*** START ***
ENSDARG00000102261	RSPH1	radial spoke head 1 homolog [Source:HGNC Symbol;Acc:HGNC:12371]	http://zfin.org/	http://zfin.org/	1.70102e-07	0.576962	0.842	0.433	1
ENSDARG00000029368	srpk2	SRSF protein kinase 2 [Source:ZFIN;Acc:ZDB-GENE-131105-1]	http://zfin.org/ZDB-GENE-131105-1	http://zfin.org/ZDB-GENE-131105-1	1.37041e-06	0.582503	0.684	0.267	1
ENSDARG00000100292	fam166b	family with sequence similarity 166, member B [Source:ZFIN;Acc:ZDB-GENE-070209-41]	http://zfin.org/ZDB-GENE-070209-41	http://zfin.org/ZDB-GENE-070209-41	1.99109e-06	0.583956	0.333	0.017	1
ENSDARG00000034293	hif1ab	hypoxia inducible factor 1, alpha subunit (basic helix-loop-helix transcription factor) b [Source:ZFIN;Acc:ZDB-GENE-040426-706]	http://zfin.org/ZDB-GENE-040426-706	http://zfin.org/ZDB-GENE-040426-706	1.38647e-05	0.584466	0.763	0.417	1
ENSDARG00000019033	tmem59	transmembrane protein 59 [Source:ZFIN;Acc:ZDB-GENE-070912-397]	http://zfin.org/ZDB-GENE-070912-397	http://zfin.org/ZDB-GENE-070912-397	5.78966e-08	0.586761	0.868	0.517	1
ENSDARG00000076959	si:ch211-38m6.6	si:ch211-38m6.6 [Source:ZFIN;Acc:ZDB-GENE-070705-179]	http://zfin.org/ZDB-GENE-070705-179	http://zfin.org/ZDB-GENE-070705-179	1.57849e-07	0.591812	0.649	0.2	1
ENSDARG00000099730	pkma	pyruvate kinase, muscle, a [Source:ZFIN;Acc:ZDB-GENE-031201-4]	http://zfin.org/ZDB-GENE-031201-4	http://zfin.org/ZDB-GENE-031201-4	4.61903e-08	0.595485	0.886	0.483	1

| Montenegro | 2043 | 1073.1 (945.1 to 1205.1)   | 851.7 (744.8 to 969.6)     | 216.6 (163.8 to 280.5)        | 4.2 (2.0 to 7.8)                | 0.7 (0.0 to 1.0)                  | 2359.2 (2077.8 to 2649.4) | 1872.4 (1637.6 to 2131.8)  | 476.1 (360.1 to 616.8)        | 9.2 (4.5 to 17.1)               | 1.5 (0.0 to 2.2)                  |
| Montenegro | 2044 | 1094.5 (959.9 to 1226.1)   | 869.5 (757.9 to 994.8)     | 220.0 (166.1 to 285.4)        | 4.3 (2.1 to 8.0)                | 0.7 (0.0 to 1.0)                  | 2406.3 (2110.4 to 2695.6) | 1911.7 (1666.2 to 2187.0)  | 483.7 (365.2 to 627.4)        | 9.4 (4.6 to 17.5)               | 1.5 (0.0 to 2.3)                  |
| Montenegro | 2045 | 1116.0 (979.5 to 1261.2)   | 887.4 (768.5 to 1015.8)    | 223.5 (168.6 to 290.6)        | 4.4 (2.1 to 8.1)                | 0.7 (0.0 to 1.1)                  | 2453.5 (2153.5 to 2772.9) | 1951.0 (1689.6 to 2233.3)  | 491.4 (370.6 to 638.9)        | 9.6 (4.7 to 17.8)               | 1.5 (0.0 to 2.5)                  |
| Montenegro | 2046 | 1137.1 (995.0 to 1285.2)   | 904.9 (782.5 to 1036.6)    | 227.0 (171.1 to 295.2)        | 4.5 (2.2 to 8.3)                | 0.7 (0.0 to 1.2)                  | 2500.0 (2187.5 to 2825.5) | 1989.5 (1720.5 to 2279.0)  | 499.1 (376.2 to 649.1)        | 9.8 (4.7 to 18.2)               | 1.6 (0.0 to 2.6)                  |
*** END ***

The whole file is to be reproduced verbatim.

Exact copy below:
ENSDARG00000102261	RSPH1	radial spoke head 1 homolog [Source:HGNC Symbol;Acc:HGNC:12371]	http://zfin.org/	http://zfin.org/	1.70102e-07	0.576962	0.842	0.433	1
ENSDARG00000029368	srpk2	SRSF protein kinase 2 [Source:ZFIN;Acc:ZDB-GENE-131105-1]	http://zfin.org/ZDB-GENE-131105-1	http://zfin.org/ZDB-GENE-131105-1	1.37041e-06	0.582503	0.684	0.267	1
ENSDARG00000100292	fam166b	family with sequence similarity 166, member B [Source:ZFIN;Acc:ZDB-GENE-070209-41]	http://zfin.org/ZDB-GENE-070209-41	http://zfin.org/ZDB-GENE-070209-41	1.99109e-06	0.583956	0.333	0.017	1
ENSDARG00000034293	hif1ab	hypoxia inducible factor 1, alpha subunit (basic helix-loop-helix transcription factor) b [Source:ZFIN;Acc:ZDB-GENE-040426-706]	http://zfin.org/ZDB-GENE-040426-706	http://zfin.org/ZDB-GENE-040426-706	1.38647e-05	0.584466	0.763	0.417	1
ENSDARG00000019033	tmem59	transmembrane protein 59 [Source:ZFIN;Acc:ZDB-GENE-070912-397]	http://zfin.org/ZDB-GENE-070912-397	http://zfin.org/ZDB-GENE-070912-397	5.78966e-08	0.586761	0.868	0.517	1
ENSDARG00000076959	si:ch211-38m6.6	si:ch211-38m6.6 [Source:ZFIN;Acc:ZDB-GENE-070705-179]	http://zfin.org/ZDB-GENE-070705-179	http://zfin.org/ZDB-GENE-070705-179	1.57849e-07	0.591812	0.649	0.2	1
ENSDARG00000099730	pkma	pyruvate kinase, muscle, a [Source:ZFIN;Acc:ZDB-GENE-031201-4]	http://zfin.org/ZDB-GENE-031201-4	http://zfin.org/ZDB-GENE-031201-4	4.61903e-08	0.595485	0.886	0.483	1

| Montenegro | 2043 | 1073.1 (945.1 to 1205.1)   | 851.7 (744.8 to 969.6)     | 216.6 (163.8 to 280.5)        | 4.2 (2.0 to 7.8)                | 0.7 (0.0 to 1.0)                  | 2359.2 (2077.8 to 2649.4) | 1872.4 (1637.6 to 2131.8)  | 476.1 (360.1 to 616.8)        | 9.2 (4.5 to 17.1)               | 1.5 (0.0 to 2.2)                  |
| Montenegro | 2044 | 1094.5 (959.9 to 1226.1)   | 869.5 (757.9 to 994.8)     | 220.0 (166.1 to 285.4)        | 4.3 (2.1 to 8.0)                | 0.7 (0.0 to 1.0)                  | 2406.3 (2110.4 to 2695.6) | 1911.7 (1666.2 to 2187.0)  | 483.7 (365.2 to 627.4)        | 9.4 (4.6 to 17.5)               | 1.5 (0.0 to 2.3)                  |
| Montenegro | 2045 | 1116.0 (979.5 to 1261.2)   | 887.4 (768.5 to 1015.8)    | 223.5 (168.6 to 290.6)        | 4.4 (2.1 to 8.1)                | 0.7 (0.0 to 1.1)                  | 2453.5 (2153.5 to 2772.9) | 1951.0 (1689.6 to 2233.3)  | 491.4 (370.6 to 638.9)        | 9.6 (4.7 to 17.8)               | 1.5 (0.0 to 2.5)                  |
| Montenegro | 2046 | 1137.1 (995.0 to 1285.2)   | 904.9 (782.5 to 1036.6)    | 227.0 (171.1 to 295.2)        | 4.5 (2.2 to 8.3)                | 0.7 (0.0 to 1.2)                  | 2500.0 (2187.5 to 2825.5) | 1989.5 (1720.5 to 2279.0)  | 499.1 (376.2 to 649.1)        | 9.8 (4.7 to 18.2)               | 1.6 (0.0 to 2.6)                  |